Narrative of an Official Visit to Guatemala from Mexico/Introductory Observations


Another Journal on South America, and that, too, at a moment when the very mention of those countries is apt to excite emotions of distrust, seems to make necessary some apology for its appearance. An ancient sage observed, that no one should write a history without prefacing it with an account of himself: the general indifference which at present prevails on the subject on which I am about to treat, and the moderate claims which I enjoy to the attention of the public, must excuse me for venturing to say something respecting the humble pretensions which the following pages may have to their notice.

It may not be unknown to some of my readers that I translated Alçedo's dictionary of America and the West Indies; that my work was published in 1814, in five volumes quarto, and that it embraced, in addition to the translation, all the authentic information then extant, or which, through the most respectable patronage, could be obtained up to that period: I may be permitted to add, that I went out as Secretary to His Britannic Majesty's Mexican Commission, of which Mr. Lionel Hervey was chief, in 1823; and had the advantage of witnessing and being confidentially acquainted with the difficult and delicate circumstances in which the Commission was occasionally involved; and which the nice tact and energetic decision of its chief so mainly contributed to counteract or turn in favour not only of that republic, but of the country for whose interests he was the more immediately concerned. I had also the satisfaction of being there under Mr. Morier, when that gentleman, of whose talent in diplomacy it would be as unbecoming in me as it would be useless to speak, compiled and wrote his report on the state of Mexico,—an undertaking, for which, I may be allowed to say, by the condescending urbanity of his disposition, and the unlimited respect which was consequently entertained for him by all parties, he was enabled to collect from every quarter the most authentic materials; and that I was, finally, with the Commission until the despatch of the Treaty which he and Mr. Ward, as Plenipotentiaries of His Britannic Majesty, had been directed to negotiate. In referring, as I do with humble though sincere satisfaction, to these points, I trust I shall not wound the delicacy of the feelings of the parties to whom I allude: the mention of them will, I hope not, as regards myself, be thought irrelevant to the public. They will, perhaps, in consequence, excuse me for offering the following pages to their perusal.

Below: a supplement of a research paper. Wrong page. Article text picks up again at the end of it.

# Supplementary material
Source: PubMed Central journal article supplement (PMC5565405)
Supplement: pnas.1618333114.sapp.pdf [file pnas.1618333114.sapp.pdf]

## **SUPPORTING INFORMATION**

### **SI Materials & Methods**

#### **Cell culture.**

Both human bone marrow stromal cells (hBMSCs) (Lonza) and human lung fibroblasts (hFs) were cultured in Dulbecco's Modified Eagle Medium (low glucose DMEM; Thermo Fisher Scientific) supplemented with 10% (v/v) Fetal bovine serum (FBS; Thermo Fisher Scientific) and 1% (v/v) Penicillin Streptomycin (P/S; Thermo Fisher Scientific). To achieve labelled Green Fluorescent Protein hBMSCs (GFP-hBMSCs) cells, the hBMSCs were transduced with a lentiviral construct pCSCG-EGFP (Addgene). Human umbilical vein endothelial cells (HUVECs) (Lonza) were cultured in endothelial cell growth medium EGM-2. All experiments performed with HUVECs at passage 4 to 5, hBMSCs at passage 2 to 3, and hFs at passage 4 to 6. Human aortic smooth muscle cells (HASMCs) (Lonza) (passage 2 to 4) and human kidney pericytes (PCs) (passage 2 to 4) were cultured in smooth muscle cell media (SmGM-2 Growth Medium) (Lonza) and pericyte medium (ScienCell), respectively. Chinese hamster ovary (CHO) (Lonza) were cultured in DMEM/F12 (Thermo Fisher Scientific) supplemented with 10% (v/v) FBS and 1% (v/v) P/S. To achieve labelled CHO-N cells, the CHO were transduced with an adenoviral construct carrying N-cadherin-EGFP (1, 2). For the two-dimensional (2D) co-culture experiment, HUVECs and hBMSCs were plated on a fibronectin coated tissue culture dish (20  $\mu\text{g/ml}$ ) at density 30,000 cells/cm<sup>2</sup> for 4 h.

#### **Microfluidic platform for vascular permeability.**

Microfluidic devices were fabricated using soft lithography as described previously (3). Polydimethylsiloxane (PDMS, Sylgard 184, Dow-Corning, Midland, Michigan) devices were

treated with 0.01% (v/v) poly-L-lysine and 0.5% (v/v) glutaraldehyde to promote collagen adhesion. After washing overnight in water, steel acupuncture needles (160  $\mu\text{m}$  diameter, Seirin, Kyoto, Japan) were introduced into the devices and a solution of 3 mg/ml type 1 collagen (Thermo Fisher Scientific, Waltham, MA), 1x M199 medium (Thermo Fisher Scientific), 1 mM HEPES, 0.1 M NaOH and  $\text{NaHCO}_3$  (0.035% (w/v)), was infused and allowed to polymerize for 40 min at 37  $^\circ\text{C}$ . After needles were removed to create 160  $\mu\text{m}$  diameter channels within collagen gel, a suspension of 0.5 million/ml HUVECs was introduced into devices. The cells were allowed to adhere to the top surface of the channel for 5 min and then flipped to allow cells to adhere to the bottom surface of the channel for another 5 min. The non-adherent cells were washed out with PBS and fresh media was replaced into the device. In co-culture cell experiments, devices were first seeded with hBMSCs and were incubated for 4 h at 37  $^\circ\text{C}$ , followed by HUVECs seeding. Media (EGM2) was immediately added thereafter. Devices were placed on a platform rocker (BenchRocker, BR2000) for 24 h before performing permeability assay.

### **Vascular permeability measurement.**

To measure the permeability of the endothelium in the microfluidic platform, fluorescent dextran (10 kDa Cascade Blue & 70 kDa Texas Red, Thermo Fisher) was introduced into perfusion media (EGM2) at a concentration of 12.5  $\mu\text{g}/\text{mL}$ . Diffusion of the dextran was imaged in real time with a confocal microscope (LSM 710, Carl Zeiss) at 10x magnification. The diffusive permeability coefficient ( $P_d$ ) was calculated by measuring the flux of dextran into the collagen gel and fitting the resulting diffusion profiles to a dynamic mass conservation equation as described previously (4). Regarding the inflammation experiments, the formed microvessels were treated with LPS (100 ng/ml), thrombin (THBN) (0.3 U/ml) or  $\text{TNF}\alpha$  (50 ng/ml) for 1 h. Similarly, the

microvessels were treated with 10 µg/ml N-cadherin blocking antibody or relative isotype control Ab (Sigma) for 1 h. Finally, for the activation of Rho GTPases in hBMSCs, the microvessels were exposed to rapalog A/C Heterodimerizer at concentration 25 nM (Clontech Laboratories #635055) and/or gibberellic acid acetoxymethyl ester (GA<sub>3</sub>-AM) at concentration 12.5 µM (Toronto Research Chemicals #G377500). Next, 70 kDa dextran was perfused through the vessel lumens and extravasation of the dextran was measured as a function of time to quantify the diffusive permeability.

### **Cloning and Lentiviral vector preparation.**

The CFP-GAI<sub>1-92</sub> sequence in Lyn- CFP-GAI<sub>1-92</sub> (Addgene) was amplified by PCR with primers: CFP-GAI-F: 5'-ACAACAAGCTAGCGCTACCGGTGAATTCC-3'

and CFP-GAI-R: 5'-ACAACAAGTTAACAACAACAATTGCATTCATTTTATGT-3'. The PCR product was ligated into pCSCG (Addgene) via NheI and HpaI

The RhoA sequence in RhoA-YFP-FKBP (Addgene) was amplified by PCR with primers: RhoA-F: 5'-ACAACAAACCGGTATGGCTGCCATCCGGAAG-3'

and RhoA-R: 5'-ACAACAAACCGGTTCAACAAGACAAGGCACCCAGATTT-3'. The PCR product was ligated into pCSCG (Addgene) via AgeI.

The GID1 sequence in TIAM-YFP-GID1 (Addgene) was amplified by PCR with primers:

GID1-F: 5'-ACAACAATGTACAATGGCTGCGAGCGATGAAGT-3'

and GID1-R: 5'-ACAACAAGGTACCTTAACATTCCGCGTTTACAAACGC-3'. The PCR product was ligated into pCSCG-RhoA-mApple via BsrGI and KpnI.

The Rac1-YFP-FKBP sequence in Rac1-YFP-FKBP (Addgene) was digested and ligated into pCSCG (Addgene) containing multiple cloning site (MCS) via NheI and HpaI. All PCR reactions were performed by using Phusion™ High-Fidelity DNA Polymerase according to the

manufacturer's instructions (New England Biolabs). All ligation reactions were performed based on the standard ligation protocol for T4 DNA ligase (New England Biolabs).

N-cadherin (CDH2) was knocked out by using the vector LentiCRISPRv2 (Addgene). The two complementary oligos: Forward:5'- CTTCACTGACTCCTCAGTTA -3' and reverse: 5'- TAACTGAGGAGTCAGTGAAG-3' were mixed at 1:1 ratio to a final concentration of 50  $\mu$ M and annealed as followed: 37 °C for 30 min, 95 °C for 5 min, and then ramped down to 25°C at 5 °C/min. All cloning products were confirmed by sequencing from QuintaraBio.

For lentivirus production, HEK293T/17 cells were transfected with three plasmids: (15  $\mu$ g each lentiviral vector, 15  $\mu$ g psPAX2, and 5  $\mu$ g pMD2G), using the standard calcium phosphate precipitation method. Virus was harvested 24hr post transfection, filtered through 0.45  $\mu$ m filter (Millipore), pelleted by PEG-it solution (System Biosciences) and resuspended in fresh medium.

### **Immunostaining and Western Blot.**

Having been ordered to leave Mexico, after the signing of the Treaty, for the purpose of proceeding to Guatemala, to report difficulty in asserting, much original, and I trust useful, information. Of all the Colonies of Old Spain, no one, I repeat, is so little known as that of Central America. Placed in the isthmus which divides the two continents, its situation is most favourable to commerce. It was formerly a captain-generalship, not subject to, as it has been erroneously believed, but always independent of the Viceroyalty of Mexico; and, having established its independence as a free state, which has been acknowledged by that Republic, it has hitherto maintained its integrity out of its own resources—the capital amount of the pecuniary assistance which it has derived from foreign countries not being more than one year's income of the Government.

The Map which faces the Title-page is intended to exhibit the Five States of the Federation, with their respective Districts, conformably to the recent divisions established by the Congress.